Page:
Substance Use vs. Abuse
By Priscilla de Llovio, LCPC, CADC
Often if we are concerned about a loved ones’ use of drugs and alcohol (or our own usage), it is difficult to tell when the use becomes a “problem”. To help define use of substances, we refer to the Diagnostic and Statistical Manual of Mental Disorders, Fifth Edition (DSM-5), which defines substance use disorders as mild, moderate, or severe to indicate the level of severity, which is determined by the number of diagnostic criteria the individual meets. The three types of disorders are as follows:
Substance Use: When someone consumes alcohol or drug in a moderate and responsible manner.
Substance Abuse: When someone continues to use a substance, even though there are consequences such as: problems at work caused by the use, relationship problems (family, partner, employment, friends), legal problems such as DUI’s/arrests, putting self in danger, poor performance at school or work, engaging in risky behaviors, complications with mood such as increase of sad mood that can lead to depression, mood changes (anger tantrums/drastic highs and lows in mood), anxiety.
Substance Dependence: Developing a chemical tolerance for the drug/alcohol. If the individual stops on their own, he/she may experience withdrawal symptoms such as: headaches, sweats, shaking, anxiety/hear rising and difficulty breathing, insomnia, vomiting/nausea, among others.
There are many factors that can influence whether someone is abusing or addicted to drugs/alcohol, such as socio-cultural (peer pressure, to fit in the crowd), psychodynamic (emotional issues, past history, and psychological disorders which sometimes are unconscious), and biological factors (genetics). In addition, mental illness can play a strong role in addiction. Many people who suffer from psychological disorder(s) can turn to drugs and/or alcohol as a way to "self-medicate"/"cope" with emotional and psychological distress. Other lifestyle stressors that could also be impacting day-to-day functioning are: financial, relationship, employment, family, and medical problems.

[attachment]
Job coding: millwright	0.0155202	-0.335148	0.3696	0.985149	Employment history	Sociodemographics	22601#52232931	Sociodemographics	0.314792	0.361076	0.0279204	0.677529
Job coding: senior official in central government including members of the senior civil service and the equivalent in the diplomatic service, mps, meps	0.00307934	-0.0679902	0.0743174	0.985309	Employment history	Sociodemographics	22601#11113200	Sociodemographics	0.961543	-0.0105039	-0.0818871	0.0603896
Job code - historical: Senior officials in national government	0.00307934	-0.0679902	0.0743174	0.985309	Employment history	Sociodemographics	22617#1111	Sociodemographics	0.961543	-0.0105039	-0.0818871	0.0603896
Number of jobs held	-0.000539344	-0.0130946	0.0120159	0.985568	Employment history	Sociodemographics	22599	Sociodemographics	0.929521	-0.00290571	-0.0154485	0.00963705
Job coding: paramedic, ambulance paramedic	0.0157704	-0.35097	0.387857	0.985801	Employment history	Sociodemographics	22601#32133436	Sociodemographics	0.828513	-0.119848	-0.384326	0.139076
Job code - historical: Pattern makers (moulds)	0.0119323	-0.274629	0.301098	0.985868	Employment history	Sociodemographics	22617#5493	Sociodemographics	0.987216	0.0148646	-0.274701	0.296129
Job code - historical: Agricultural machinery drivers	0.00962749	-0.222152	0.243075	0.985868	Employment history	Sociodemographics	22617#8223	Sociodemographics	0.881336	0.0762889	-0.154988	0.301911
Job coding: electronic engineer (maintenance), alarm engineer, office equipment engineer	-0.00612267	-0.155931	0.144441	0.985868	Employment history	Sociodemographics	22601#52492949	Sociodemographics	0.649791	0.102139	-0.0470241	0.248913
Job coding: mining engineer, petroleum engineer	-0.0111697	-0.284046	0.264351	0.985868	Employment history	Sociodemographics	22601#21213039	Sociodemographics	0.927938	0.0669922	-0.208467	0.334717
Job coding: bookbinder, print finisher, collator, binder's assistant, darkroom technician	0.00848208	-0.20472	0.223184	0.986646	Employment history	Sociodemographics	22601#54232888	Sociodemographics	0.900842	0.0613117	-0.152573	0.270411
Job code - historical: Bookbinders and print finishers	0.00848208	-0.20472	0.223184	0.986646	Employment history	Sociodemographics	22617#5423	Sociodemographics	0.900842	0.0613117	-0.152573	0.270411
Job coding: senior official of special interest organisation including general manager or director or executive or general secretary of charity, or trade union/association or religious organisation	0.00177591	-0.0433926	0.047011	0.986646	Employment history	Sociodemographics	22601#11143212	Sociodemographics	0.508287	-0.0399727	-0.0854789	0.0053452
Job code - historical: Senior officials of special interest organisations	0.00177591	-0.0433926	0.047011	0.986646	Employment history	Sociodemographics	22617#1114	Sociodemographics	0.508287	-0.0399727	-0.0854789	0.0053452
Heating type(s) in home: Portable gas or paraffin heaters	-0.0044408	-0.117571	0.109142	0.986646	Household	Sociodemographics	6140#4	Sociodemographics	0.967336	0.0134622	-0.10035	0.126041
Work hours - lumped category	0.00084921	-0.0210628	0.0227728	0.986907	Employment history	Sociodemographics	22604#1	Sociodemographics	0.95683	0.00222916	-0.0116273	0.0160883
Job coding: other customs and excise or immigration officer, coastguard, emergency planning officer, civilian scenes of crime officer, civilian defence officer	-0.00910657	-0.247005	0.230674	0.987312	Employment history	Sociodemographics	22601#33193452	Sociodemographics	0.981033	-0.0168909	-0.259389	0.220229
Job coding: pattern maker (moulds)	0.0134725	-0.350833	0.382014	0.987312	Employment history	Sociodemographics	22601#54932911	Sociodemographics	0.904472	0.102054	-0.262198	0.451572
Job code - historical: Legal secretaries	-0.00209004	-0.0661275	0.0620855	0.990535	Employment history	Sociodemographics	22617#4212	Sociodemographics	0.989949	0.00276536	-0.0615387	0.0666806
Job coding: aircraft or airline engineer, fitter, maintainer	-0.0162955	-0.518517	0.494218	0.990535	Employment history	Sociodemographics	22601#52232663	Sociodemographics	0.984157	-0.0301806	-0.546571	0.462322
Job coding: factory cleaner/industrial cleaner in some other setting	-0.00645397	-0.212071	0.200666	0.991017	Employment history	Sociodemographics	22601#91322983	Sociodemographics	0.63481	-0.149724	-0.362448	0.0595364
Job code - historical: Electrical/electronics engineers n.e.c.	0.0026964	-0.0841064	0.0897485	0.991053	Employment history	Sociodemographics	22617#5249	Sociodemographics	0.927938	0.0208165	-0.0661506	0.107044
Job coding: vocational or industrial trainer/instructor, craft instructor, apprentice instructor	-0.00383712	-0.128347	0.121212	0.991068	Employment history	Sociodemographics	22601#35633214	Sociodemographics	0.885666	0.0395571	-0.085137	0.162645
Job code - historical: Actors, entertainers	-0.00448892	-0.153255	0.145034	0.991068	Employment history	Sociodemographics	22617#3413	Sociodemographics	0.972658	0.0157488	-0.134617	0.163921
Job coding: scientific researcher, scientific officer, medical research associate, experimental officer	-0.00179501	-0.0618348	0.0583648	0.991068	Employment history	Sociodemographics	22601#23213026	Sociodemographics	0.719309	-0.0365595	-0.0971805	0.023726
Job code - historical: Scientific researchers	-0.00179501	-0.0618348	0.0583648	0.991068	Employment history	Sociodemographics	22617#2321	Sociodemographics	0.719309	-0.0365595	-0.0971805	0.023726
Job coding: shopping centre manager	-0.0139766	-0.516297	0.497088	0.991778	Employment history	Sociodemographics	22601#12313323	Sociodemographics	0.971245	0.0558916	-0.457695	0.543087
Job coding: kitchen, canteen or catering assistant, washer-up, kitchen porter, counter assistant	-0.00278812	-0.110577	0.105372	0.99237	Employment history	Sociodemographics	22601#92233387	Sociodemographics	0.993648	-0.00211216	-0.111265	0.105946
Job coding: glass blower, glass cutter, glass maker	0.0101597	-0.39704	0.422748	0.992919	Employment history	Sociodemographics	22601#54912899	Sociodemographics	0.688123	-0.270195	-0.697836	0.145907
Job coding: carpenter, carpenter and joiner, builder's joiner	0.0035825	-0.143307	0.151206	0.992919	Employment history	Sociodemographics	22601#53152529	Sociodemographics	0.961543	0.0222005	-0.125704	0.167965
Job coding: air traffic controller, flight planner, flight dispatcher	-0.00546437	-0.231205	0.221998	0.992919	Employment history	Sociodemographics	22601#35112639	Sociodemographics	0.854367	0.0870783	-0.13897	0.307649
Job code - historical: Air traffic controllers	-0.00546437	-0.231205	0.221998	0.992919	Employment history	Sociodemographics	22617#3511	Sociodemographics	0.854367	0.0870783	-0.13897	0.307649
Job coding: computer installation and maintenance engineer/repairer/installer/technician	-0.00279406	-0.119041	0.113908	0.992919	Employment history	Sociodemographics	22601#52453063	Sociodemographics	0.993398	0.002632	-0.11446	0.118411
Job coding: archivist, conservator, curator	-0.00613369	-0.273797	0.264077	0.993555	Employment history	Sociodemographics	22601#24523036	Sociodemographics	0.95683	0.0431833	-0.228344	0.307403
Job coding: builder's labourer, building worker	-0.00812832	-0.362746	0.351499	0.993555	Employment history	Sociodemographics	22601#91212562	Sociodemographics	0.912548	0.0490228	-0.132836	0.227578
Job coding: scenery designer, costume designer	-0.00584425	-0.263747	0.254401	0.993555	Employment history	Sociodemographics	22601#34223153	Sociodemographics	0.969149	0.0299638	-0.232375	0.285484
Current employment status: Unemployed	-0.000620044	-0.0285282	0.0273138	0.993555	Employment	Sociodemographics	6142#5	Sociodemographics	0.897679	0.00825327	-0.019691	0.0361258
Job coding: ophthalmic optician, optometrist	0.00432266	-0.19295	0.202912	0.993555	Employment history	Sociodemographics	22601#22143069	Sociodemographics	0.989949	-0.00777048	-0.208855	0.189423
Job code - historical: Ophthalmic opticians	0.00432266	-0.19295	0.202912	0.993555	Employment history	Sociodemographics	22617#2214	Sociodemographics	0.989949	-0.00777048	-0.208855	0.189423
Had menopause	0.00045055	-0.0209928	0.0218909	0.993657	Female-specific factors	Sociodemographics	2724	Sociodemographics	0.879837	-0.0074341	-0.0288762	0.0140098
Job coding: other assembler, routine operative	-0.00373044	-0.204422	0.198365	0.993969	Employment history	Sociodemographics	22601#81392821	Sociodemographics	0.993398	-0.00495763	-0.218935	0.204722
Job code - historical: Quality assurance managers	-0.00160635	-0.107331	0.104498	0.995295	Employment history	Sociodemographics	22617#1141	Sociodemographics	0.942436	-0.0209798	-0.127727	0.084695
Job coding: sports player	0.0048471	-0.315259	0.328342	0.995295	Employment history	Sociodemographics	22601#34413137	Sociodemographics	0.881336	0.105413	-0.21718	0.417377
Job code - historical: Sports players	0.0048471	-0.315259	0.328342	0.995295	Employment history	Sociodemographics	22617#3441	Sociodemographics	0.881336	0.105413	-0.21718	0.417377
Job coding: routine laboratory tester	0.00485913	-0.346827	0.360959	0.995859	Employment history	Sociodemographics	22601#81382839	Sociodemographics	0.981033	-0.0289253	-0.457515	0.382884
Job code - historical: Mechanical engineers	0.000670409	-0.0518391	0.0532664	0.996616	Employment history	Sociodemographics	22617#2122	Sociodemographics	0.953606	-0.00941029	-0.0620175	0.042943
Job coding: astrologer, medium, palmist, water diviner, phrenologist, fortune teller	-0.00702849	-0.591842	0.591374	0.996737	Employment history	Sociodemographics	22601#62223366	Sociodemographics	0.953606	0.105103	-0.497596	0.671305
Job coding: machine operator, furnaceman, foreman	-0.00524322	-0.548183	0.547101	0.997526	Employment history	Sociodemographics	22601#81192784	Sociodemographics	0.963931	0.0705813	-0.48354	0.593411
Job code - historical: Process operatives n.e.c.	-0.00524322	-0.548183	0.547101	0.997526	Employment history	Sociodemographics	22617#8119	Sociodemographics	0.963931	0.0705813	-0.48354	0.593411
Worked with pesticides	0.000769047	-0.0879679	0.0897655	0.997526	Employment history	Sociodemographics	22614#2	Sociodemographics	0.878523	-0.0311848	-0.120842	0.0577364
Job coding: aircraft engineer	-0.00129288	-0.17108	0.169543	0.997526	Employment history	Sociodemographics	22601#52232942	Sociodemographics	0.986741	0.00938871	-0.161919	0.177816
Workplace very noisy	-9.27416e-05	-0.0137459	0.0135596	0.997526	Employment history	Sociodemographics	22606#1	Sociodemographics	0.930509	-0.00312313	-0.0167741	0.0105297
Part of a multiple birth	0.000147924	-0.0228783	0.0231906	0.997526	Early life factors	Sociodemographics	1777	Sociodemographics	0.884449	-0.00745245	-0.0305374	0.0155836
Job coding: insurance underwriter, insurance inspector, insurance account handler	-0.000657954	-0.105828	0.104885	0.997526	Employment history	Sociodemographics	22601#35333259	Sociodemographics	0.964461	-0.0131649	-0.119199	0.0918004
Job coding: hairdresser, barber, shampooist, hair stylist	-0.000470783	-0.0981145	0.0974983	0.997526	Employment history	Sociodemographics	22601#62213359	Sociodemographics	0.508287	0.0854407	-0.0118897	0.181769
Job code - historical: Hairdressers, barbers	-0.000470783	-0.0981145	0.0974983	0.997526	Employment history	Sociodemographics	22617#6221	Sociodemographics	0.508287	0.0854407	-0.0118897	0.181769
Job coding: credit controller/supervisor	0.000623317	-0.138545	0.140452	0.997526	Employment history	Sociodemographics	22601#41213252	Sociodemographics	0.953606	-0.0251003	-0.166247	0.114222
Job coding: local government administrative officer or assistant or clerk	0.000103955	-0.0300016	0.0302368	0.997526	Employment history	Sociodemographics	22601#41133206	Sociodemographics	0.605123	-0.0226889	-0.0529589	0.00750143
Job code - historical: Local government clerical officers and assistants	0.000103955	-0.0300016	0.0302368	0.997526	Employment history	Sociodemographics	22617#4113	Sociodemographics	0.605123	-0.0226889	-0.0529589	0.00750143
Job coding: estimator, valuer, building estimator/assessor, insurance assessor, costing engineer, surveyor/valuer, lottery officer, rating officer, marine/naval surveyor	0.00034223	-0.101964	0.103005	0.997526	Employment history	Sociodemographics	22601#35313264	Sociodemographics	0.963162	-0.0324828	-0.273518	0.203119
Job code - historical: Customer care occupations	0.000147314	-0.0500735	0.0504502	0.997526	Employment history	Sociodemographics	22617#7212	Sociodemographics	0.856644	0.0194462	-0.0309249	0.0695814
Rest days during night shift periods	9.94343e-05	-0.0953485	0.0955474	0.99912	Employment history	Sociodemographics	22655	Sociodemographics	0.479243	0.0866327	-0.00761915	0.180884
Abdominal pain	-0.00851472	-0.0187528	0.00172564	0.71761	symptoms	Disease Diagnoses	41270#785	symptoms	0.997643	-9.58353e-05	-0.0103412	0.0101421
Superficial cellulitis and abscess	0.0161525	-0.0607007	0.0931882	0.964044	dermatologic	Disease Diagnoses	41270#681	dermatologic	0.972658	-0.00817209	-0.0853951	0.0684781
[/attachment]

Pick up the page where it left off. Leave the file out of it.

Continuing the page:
One can abuse alcohol without necessary being addicted to alcohol. It is important to understand that people with addictions have a chemical dependency (chemicals in the brain) that prevents them from changing on their own. Will power alone is most of the time not enough for change of behavior, especially if the body is chemically addicted to it.
If you are worried by the idea of stopping or cutting down your drinking, or if you just can't cut down, it might help to talk to a substance use counselor to evaluate your severity, triggers, and treatment options. Changing your habits and style of life is a challenge and can take some time, but it is never too late to live a healthy happy lifestyle.
If you are interested in learning if you could be abusing alcohol and could help you in making a decision to whether or not you would like to search for help, here are two questioners that you can complete and score on your spare time: